For Better Abs, Work Your Core

I found a great article online about the quest for flatter abs. The author does a great job exploding the myth that crunches or sit-ups are the answer and even explains that repetitive back flexing exercises like that can have the unwanted side effect of causing back problems. She explains that the real secret to flatter abs is through strengthening the core muscles. I would like to add my own opinion that Pilates, which is focused on strengthening your core muscles is a great exercise program to get the flat abs you want and reduce back pain at the same time. Here is a recap of the article:

Stop Doing Sit-Ups: Why Crunches Don’t Work
by Kate Dailey

Everyone knows that the road to flat, tight abs is paved with crunches. Lots and lots and lots of excruciating crunches. Or is it?

As it turns out, the exercises synonymous with strong, attractive abs may not be the best way to train your core—and may be doing damage to your back.

We stopped teaching people to do crunches a long, long time ago,” says Dr. Richard Guyer, president of the Texas Back Institute.  That’s because the “full flex” movement—the actual “crunch” part of crunches – puts an unhealthy strain on your back at its weakest point. The section with the most nerves (and most potential for nerve damage) is in the back of the spine, which is the very part that bends and strains during a sit-up.

“There are only so many bends or a ‘fatigue life’,” in your spinal disks,” says Stuart M. McGill, a professor of spine biomechanics at the University of Waterloo. Inside each disk is a mucus-like nucleus, he says, and “if you keep flexing your spine and bending the disk over and over again, that nucleus slowly breaches the layers and causes a disk bulge, or a disk herniation.”  A herniated disk won’t show through your swimsuit, but it’s no fun, and can cause persistent back and leg pain, weakness, and tingling.

But who cares about back health as bathing suit season approaches? Turns out, crunches might not be the best solution for a flat stomach, either. That’s because doing too many sit-ups at the expense of other, more comprehensive movements can lead to the dreaded “aerobic abs.”  That’s the term celebrity trainer Steve Maresca coined to describe the distended stomachs of those who focus only on the rectus abdominus muscles targeted by sit-ups and crunches. “They look great from the front, but when they turn to the side, their stomachs are extended,” he says. To get the long, lean look, one needs to work transverse abdominius, a large muscle that holds in those rectus abs, and is mainly unchallenged by traditional ab work (aka, the sit-up and crunches).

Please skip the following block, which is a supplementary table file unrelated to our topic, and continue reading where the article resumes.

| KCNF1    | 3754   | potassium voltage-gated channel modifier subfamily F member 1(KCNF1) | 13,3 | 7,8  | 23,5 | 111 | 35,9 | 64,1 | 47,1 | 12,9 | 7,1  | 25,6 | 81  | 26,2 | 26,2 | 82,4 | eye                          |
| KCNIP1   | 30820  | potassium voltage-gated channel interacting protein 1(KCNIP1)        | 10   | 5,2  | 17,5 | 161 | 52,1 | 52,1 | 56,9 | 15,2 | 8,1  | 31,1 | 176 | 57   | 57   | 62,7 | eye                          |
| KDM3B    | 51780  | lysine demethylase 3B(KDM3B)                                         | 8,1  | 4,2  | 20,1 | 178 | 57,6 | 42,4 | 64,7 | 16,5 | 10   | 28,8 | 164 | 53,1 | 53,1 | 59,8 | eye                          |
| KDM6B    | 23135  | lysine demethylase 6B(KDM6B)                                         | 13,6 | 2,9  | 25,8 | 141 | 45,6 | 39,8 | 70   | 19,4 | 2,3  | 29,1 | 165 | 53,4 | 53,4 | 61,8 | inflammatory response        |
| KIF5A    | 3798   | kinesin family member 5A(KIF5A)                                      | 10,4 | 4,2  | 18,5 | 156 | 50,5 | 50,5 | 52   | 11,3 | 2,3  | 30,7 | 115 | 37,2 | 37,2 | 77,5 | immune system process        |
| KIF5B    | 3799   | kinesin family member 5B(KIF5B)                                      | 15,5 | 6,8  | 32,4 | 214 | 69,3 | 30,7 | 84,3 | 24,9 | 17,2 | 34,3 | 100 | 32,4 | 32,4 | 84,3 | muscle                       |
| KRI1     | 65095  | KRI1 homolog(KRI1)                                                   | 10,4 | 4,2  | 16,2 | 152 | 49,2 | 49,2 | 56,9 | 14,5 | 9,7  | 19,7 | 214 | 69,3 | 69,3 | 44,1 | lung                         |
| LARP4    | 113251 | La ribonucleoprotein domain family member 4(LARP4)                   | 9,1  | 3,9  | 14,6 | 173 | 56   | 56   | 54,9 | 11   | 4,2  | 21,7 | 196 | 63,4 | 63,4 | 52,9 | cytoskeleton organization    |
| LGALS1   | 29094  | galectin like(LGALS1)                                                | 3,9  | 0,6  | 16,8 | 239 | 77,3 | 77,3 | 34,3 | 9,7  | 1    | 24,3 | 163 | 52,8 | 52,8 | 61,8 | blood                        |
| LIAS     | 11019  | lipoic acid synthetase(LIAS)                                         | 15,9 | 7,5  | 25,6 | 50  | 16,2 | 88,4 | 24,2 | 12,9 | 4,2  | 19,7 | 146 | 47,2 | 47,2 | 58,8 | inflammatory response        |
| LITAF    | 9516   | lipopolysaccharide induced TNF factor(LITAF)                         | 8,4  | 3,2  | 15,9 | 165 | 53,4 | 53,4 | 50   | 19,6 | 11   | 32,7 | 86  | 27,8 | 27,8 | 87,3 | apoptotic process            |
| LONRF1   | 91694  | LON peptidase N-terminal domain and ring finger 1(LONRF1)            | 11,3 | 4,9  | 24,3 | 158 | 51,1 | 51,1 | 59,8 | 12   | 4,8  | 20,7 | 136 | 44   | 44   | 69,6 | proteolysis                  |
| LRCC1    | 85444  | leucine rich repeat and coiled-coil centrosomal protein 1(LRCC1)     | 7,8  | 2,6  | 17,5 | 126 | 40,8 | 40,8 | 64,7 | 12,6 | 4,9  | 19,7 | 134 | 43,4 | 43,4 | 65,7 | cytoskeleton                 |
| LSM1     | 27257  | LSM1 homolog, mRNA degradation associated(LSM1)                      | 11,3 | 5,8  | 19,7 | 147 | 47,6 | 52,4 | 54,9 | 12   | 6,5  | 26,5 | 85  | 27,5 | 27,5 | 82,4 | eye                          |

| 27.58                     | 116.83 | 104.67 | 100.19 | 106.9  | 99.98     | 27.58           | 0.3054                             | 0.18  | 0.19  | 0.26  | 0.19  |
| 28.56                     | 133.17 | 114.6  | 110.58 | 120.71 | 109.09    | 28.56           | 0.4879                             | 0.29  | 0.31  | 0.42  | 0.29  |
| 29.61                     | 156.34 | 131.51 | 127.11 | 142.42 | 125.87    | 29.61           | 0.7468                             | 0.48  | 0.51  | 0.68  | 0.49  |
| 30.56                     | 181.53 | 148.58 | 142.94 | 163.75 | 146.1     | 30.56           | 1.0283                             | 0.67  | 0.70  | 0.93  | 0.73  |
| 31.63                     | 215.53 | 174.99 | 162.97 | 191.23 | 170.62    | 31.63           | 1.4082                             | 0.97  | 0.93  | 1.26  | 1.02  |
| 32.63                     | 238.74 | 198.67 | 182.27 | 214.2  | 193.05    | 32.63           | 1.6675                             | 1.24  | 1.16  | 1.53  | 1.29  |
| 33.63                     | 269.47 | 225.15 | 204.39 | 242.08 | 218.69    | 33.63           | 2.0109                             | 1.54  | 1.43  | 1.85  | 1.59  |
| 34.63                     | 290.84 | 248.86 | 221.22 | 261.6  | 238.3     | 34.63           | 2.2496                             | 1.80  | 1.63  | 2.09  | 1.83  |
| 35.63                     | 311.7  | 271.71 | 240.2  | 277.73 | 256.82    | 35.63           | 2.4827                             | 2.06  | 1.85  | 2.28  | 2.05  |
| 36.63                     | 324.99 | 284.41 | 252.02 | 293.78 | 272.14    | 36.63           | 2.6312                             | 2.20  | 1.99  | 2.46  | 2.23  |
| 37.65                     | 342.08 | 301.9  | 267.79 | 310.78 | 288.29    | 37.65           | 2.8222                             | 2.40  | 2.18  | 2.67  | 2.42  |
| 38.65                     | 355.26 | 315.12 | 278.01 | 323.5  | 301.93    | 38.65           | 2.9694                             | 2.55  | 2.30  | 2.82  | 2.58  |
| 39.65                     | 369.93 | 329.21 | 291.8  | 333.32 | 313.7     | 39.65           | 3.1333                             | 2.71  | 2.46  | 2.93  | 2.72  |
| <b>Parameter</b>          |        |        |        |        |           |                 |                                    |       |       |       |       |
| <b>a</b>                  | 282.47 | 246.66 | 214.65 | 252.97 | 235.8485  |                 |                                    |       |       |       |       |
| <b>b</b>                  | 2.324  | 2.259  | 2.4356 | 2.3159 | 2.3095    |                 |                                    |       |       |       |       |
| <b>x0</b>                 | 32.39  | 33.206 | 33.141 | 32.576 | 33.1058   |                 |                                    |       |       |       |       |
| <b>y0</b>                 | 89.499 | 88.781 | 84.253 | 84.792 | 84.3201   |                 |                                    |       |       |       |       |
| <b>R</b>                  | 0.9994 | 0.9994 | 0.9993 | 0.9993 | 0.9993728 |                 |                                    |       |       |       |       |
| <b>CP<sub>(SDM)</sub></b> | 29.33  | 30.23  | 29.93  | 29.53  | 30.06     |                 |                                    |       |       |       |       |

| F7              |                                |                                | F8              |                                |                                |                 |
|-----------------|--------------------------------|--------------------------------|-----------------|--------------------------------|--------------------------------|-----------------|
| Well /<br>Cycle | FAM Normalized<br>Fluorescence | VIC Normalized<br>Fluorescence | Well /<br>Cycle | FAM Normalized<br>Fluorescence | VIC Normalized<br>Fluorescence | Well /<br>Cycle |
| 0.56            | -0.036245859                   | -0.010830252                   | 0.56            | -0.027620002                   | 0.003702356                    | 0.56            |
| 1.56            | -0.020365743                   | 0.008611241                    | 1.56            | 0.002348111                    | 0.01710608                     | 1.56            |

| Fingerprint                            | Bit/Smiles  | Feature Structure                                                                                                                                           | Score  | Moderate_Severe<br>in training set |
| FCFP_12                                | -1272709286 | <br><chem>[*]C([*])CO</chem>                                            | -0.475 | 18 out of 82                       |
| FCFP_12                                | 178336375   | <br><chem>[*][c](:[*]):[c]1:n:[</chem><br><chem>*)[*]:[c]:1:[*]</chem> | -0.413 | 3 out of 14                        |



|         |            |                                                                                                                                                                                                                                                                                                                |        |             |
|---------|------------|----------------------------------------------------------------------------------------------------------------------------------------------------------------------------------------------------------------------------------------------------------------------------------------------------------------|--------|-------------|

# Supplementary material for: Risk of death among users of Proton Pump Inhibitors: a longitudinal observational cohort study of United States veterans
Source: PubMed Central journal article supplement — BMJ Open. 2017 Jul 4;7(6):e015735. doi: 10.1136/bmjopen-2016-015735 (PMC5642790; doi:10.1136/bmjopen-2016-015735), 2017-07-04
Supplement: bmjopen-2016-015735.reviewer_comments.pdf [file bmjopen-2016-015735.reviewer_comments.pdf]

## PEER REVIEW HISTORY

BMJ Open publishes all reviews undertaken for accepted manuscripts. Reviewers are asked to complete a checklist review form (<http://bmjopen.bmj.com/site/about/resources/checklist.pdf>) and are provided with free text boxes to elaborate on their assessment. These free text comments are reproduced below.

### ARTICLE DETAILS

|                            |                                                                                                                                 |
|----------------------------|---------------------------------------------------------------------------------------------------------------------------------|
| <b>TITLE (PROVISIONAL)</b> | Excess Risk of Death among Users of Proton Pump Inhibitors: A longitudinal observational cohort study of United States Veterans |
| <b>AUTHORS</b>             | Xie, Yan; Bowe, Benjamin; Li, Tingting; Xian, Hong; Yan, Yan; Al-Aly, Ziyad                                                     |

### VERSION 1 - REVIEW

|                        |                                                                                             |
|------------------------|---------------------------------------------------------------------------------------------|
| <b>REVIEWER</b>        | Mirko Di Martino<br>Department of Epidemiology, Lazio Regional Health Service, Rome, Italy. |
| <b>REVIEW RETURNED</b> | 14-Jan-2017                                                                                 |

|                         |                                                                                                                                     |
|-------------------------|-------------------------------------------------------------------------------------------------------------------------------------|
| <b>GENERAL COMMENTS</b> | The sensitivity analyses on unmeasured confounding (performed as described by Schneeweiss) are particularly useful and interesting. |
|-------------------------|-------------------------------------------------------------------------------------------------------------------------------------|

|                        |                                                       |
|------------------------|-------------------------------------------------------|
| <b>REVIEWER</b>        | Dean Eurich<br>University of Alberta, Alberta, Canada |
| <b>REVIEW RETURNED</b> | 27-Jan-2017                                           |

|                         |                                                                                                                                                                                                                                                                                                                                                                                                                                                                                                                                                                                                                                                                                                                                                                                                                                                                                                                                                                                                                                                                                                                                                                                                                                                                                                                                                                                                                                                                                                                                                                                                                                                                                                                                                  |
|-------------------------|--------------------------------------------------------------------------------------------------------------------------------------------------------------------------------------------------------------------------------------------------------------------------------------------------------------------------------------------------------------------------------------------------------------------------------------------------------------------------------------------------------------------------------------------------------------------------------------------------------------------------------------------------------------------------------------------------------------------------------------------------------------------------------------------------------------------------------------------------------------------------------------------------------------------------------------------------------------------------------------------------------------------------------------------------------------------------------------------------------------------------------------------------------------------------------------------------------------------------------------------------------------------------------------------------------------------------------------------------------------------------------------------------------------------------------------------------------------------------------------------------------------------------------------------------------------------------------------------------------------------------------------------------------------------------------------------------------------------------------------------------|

Doing a sit-up doesn’t train your ab muscles to do the job for which they were designed – keeping your spine straight and secure and providing power for your movements. In everyday life, “the abdominals are braces,” says McGill, author of “Ultimate Back Fitness and Performance” (Stuart McGill, 2004). When doing any athletic movement—even opening a door—“the spine is in a neutral posture, not flexed, and the abdominal muscles are contracted to brace the spine.”

The best way—for both your back and your beach body—to work your midsection is to do movements that challenge the muscles to perform the way they’re designed and expected to work in real life, and not to train muscles in isolation. “It’s important to have strong abs, but strong abdominals are not the only thing,” says Dr. Guyer. “You have your back extenders, your flexors, which are belly muscles, you have your oblique muscles.” Working all of these muscle groups—the anatomical association known as “the core”—is essential to both back health and general athleticism.

See the complete article

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